From Margaret Wheatley, Turning to One Another, 2009
In working with many people in very different cultures, I’ve learned to define leadership differently than most. A leader is anyone willing to help, anyone who sees something that needs to change and takes the first steps to influence that situation. It might be a parent who intervenes in her child’s school; or a rural village that works to get clean water; or a worker who refuses to allow mistreatment of others in his workplace; or a citizen who rallies her neighbours to stop local polluters. Everywhere in the world, no matter the economic or social circumstances, people step forward to try and make a small difference.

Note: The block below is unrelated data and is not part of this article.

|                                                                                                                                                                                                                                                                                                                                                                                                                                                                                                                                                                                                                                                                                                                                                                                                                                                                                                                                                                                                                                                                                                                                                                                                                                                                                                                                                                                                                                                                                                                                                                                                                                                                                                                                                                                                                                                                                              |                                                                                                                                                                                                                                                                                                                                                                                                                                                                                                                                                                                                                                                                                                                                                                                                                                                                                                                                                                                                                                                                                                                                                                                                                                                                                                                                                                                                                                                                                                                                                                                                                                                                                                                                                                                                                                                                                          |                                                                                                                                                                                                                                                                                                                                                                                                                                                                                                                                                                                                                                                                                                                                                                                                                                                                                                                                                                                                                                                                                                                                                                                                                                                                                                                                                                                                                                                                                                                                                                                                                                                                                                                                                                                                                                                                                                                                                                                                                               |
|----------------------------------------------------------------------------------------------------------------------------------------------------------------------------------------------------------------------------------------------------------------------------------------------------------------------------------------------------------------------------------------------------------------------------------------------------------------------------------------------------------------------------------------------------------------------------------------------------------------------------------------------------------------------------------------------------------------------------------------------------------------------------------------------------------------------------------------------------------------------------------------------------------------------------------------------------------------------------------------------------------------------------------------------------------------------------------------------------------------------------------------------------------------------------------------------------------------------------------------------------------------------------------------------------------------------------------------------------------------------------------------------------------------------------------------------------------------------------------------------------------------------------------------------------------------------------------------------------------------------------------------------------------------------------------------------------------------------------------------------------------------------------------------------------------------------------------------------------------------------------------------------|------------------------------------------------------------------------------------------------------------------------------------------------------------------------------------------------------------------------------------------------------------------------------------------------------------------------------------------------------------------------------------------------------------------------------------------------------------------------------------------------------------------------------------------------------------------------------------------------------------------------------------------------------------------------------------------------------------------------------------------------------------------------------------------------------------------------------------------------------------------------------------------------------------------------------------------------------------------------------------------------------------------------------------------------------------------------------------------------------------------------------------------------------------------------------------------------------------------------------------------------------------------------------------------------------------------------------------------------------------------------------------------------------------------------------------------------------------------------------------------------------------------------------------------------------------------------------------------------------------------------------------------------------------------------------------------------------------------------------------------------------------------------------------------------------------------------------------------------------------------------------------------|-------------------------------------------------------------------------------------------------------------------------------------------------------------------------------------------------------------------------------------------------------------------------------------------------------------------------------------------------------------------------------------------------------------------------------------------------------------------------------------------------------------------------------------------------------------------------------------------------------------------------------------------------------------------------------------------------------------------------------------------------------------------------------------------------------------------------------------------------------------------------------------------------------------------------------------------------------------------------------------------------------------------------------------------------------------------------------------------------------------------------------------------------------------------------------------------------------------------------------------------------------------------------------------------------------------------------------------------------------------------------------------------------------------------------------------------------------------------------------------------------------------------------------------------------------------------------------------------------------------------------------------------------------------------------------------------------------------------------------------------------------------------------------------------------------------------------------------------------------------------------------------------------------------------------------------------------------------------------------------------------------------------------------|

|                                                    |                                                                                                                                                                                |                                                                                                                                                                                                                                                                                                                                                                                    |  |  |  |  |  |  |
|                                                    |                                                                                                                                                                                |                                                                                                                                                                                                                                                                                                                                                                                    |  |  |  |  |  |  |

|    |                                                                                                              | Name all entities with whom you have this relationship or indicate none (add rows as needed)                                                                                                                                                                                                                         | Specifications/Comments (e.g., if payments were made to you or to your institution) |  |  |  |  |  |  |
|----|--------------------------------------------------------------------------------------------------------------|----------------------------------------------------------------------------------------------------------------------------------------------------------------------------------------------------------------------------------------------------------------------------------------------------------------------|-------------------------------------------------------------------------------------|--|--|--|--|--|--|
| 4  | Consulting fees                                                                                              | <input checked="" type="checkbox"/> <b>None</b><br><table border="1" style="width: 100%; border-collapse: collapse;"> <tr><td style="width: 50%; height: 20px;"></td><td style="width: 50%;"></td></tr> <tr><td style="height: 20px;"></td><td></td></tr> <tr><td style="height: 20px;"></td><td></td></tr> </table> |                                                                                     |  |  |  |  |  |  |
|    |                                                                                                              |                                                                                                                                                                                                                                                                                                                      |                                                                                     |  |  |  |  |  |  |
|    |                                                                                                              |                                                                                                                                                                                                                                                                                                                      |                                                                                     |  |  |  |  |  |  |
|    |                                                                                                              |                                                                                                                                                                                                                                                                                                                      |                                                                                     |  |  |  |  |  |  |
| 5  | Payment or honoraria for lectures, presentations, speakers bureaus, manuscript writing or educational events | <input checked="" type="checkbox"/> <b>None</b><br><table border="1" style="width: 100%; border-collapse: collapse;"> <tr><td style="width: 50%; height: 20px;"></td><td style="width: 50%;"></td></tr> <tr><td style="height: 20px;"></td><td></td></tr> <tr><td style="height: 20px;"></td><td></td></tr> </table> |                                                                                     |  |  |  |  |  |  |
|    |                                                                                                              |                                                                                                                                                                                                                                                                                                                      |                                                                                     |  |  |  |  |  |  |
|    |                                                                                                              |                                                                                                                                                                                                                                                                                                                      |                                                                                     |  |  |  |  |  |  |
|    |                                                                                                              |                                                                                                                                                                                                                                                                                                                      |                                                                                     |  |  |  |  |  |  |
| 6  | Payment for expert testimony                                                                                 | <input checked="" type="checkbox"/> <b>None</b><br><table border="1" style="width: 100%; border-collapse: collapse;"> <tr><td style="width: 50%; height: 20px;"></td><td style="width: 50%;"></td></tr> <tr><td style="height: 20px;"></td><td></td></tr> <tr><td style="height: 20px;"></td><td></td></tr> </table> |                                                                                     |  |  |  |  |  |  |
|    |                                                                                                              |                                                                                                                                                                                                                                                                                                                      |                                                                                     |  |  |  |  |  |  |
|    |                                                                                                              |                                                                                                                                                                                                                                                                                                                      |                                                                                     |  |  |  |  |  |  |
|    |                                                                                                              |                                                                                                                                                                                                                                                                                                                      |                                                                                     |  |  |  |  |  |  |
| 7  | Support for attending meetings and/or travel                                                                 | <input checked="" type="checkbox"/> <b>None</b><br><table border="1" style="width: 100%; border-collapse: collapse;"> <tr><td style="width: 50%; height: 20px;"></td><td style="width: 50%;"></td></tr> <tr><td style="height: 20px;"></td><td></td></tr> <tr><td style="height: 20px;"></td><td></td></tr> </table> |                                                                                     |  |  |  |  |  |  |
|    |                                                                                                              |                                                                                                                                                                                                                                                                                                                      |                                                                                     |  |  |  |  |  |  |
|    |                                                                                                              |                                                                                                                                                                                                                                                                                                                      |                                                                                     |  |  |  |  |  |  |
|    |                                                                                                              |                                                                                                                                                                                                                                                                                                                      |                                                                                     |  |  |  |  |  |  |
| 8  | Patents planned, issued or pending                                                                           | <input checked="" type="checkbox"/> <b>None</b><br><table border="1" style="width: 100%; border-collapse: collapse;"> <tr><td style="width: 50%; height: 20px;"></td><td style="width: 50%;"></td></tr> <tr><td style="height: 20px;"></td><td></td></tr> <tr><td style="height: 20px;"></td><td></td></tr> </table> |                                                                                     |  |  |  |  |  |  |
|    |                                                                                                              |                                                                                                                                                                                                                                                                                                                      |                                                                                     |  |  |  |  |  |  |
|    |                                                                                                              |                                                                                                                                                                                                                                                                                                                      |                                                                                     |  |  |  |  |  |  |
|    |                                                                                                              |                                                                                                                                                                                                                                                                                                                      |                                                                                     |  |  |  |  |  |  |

Because a leader is anyone willing to help, we can celebrate the fact that the world is abundantly rich in leaders. Some people ask, “Where have all the leaders gone?” But if we worry that there’s a shortage of leaders, we’re just looking in the wrong place, usually at the top of some hierarchy. Instead, we need to look around us, to look locally. And we need to look at ourselves. When have we moved into action for an issue or concern that we cared about? When have we stepped forward to help and thereby become a leader?
The process that creates change in the world is quite straightforward. We notice something that needs to be changed. We keep noticing it. The problem keeps getting our attention, even though most people don’t notice that there’s even a problem. We start to act, we try something. If that doesn’t work, we try a different approach. We learn as we go…